One of the key elements to employee engagement is the need to create a company culture focused on ideation and innovation. But what exactly is a ‘company culture’, and is it different from the other cultures we experience in our everyday lives?
A single company culture
There probably isn’t such a thing as a single company culture. You may be able to define the fundamental elements, but your culture will naturally evolve as changes happen in your business.
Consider, for example, how your business will have changed in the last 5 years, especially your employees. According to recruitment company Monster...
“...the UK average employee turnover rate is approximately 15% a year, although this varies drastically between industries. The highest levels of turnover are found in private sector organisations in retailing, catering, call centres, construction and media.”
How many staff who contributed to your company culture have moved on since then? And have their replacements taken your culture on board, or have they changed it?
Seismic shifts in attitudes can happen in response to external events, such as Brexit, or internal changes such as a takeover or change of management. Company culture alters and shifts over time, in response to these changes.
A common viewpoint
It can be easy to assume that even if all employees share a company culture, they share the same viewpoints, attitudes, and concepts. However, this is just looking at the tip of the iceberg.
Understanding the cultural iceberg
The cultural iceberg illustrates the difference between a surface culture that’s about display, and the hidden deep culture based on:
- Communication styles and rules
- Notions and values
- Concepts and roles
Understanding the depth of culture is a problem shared by almost all professions, including professional fiction writers! In a neat illustration of how culture runs deep, the Writer’s Circle ‘Cultural Iceberg’ graphic shows how writers can too easily resort to ‘travel guidebook’ stereotypes.
Bad writers focus on the obvious elements of national character such as food, language, or national dances and music.
But we all know that not every Italian male paddles a gondola, while eating pizza, drinking prosecco, and singing “O sole mio” to any passing pretty girl.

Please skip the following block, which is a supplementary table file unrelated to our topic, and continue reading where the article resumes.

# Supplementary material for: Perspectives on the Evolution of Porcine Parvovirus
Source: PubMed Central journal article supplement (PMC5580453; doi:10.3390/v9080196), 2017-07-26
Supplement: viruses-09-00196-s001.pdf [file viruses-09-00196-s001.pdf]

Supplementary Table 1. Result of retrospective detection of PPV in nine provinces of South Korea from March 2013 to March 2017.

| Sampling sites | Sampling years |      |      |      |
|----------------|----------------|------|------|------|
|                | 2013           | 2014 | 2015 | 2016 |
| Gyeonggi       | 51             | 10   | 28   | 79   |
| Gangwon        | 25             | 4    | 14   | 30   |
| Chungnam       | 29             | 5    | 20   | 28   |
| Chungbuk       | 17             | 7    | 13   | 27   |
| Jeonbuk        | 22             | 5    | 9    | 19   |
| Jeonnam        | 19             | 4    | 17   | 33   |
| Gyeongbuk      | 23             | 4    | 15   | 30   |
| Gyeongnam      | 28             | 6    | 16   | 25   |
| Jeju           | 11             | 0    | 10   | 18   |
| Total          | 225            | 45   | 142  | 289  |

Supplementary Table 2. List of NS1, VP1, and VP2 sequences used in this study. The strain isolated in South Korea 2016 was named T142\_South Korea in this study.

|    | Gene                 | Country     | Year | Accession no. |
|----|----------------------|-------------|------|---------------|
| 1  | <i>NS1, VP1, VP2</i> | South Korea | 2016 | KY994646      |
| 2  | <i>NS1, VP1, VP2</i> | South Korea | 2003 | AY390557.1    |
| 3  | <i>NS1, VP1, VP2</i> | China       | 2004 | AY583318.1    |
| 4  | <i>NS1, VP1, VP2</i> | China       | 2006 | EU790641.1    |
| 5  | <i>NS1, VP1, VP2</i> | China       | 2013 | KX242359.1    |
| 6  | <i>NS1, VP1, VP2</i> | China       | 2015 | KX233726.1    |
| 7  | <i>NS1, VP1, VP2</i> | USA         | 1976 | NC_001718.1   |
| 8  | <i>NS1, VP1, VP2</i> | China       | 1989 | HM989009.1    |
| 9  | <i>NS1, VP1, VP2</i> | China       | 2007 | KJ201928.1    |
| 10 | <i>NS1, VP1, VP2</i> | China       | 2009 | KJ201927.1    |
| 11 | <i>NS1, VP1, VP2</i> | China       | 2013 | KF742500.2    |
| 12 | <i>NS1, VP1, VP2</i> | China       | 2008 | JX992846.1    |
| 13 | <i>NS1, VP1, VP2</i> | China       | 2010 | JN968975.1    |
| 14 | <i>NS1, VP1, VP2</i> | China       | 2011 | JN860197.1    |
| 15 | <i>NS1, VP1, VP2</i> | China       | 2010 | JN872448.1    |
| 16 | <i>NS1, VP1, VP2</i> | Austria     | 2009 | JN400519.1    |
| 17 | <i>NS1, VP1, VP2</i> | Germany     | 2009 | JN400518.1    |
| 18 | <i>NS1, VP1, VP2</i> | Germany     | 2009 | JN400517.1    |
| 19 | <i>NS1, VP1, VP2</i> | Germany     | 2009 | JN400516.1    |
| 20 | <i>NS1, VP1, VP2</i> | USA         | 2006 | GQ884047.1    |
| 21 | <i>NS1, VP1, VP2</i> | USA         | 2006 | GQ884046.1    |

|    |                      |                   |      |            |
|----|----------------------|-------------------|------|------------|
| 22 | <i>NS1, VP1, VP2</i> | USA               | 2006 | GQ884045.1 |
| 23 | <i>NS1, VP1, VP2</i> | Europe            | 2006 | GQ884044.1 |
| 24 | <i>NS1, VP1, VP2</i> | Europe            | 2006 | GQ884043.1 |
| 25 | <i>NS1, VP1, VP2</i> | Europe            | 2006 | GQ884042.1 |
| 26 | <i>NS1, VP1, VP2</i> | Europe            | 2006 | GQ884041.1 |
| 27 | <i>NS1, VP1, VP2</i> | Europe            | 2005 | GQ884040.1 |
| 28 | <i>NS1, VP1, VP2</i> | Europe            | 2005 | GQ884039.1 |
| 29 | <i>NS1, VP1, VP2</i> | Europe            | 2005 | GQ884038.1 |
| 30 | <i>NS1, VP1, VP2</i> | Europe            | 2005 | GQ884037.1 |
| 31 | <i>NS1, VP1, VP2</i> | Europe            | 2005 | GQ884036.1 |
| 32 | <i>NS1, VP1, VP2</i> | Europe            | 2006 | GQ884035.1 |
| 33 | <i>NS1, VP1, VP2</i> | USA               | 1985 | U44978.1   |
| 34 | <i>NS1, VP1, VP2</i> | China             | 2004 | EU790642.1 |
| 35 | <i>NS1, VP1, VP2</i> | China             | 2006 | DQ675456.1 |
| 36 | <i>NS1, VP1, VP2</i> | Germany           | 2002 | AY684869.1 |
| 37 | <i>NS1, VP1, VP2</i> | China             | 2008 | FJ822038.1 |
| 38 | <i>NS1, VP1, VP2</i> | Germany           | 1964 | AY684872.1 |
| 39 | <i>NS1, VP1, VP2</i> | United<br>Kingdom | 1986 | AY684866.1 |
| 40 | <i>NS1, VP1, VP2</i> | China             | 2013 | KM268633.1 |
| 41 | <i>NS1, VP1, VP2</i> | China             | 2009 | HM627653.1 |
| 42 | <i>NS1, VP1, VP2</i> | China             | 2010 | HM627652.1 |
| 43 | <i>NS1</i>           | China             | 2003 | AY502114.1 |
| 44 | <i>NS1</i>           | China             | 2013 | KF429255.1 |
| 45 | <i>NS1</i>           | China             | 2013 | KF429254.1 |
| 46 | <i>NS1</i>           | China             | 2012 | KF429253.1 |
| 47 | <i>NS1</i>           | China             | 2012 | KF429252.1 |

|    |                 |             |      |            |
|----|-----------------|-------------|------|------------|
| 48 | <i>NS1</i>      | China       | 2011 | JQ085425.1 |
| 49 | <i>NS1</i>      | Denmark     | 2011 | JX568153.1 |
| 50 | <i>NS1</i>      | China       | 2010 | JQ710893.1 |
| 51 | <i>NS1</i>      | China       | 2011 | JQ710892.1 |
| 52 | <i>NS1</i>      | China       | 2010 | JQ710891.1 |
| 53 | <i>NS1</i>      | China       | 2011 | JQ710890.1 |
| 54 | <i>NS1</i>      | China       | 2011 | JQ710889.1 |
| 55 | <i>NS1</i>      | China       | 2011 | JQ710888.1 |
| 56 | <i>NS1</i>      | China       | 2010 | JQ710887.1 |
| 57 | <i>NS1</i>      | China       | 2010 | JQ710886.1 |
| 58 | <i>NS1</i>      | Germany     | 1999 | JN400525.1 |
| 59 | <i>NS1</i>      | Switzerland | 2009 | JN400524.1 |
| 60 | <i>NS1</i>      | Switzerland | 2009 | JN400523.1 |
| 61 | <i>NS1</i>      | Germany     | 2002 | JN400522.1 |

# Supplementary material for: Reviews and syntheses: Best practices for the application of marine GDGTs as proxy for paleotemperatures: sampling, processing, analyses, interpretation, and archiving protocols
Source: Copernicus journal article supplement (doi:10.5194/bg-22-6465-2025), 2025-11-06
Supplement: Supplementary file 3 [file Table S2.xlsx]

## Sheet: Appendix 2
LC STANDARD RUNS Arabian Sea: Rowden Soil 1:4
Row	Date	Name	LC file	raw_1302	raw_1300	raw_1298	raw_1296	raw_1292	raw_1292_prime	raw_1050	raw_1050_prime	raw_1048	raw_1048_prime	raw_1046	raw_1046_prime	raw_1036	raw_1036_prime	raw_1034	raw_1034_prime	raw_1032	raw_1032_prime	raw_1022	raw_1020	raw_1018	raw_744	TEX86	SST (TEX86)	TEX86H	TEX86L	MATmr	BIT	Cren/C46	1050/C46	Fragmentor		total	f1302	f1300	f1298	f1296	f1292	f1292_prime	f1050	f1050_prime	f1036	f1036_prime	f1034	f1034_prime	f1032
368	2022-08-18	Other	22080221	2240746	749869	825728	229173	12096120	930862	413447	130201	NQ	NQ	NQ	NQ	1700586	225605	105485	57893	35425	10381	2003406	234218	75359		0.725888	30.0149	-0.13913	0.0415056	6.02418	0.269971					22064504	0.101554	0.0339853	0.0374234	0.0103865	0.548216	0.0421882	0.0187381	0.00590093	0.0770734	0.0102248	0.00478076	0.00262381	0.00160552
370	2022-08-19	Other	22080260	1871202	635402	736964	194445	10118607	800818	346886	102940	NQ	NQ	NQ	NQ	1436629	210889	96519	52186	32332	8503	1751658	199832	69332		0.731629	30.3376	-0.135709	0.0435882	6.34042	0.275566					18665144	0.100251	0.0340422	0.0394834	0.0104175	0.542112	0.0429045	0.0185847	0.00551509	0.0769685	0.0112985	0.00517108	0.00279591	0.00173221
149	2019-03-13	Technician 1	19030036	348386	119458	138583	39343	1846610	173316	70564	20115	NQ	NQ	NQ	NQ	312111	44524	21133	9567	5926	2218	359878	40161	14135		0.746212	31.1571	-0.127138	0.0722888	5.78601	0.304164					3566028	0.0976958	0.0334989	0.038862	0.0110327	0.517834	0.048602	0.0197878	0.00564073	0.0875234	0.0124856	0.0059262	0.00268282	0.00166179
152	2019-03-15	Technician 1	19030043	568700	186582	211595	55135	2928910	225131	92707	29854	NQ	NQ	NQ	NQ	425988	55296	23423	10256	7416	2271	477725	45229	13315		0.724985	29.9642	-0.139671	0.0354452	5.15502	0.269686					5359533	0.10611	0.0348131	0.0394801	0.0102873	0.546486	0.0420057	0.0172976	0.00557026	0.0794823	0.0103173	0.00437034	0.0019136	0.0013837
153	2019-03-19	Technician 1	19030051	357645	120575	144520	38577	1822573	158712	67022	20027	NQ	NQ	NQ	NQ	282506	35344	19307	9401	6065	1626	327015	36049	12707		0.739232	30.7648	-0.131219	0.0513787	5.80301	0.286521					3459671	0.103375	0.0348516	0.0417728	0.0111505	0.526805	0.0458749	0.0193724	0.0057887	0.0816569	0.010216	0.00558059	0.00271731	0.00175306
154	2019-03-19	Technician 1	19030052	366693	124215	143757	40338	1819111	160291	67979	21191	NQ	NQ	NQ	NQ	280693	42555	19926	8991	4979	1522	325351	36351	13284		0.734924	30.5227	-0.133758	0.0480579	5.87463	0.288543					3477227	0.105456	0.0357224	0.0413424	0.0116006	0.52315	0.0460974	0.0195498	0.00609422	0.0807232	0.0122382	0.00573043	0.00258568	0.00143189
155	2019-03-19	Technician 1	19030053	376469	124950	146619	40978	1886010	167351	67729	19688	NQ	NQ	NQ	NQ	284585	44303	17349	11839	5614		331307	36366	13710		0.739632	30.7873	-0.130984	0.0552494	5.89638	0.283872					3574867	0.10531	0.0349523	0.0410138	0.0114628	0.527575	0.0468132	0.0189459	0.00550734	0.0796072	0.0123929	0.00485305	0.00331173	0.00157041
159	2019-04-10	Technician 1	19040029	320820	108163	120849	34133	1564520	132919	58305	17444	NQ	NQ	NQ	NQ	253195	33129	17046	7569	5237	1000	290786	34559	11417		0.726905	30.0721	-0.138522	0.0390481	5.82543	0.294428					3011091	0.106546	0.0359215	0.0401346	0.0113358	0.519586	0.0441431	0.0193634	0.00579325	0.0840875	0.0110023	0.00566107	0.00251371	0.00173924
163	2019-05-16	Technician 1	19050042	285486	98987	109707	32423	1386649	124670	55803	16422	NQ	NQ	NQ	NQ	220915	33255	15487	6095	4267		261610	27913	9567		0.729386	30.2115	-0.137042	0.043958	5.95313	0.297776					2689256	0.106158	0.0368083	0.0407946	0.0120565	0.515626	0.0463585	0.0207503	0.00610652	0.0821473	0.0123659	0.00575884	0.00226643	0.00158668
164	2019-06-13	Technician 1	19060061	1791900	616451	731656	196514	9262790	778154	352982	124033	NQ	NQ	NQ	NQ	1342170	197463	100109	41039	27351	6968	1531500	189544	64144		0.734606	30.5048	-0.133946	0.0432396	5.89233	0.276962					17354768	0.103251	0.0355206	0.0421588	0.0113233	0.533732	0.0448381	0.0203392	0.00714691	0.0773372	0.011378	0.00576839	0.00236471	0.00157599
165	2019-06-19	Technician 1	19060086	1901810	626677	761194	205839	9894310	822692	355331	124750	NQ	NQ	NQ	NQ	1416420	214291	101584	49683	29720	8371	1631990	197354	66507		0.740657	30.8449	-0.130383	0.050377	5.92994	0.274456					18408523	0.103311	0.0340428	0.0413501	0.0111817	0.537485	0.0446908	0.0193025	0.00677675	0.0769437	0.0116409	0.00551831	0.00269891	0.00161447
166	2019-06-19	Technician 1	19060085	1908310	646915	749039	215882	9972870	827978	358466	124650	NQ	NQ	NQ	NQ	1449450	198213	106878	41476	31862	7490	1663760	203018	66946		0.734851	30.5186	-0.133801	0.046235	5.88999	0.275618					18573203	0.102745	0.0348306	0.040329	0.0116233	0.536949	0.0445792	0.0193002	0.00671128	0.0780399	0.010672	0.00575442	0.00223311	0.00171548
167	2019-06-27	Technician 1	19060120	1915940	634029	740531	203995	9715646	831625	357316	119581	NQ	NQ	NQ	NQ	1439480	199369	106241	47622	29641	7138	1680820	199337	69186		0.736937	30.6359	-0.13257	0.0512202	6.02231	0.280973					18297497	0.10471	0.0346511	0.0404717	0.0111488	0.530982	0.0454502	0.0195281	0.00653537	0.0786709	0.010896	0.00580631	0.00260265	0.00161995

The same could be said of employees; they will not necessarily talk about the company culture in the same way. Their way of expressing it through their work will not be the same across the room, let alone across departments.
How we express our culture
The Cultural Iceberg diagram shows how culture is as much a matter of expression as defining elements. The diagram features five different areas of culture that managers need to consider:
- Communication styles and rules
- Notions of acceptable behaviour
- Concepts of fairness, timescales, family roles
- Attitudes towards authority and moral issues
- Approaches to major live events and decision-making
Any business owner who has done business abroad will be very aware of the differences in communication styles, from the etiquette of personal space to the nuances of polite conversation. Equally, they will be aware of the differences in attitudes to courtesy and manners, and will know to avoid contentious discussions.
In the workplace, such cultural differences may not be so apparent, but a homogenised viewpoint should never be assumed to exist.
Verbal vs. written expression
By considering the ‘hidden’ elements of the Cultural Iceberg before communicating, we can help ourselves and our employees have better, clearer online conversations.
For example, will a jokey remark work in cold, clear type without the accompanying smile and relaxed body language that informs the listener “I’m being playful”? Probably not. However, take that remark into the real world of face to face contact, and it will probably be both acceptable and humorous.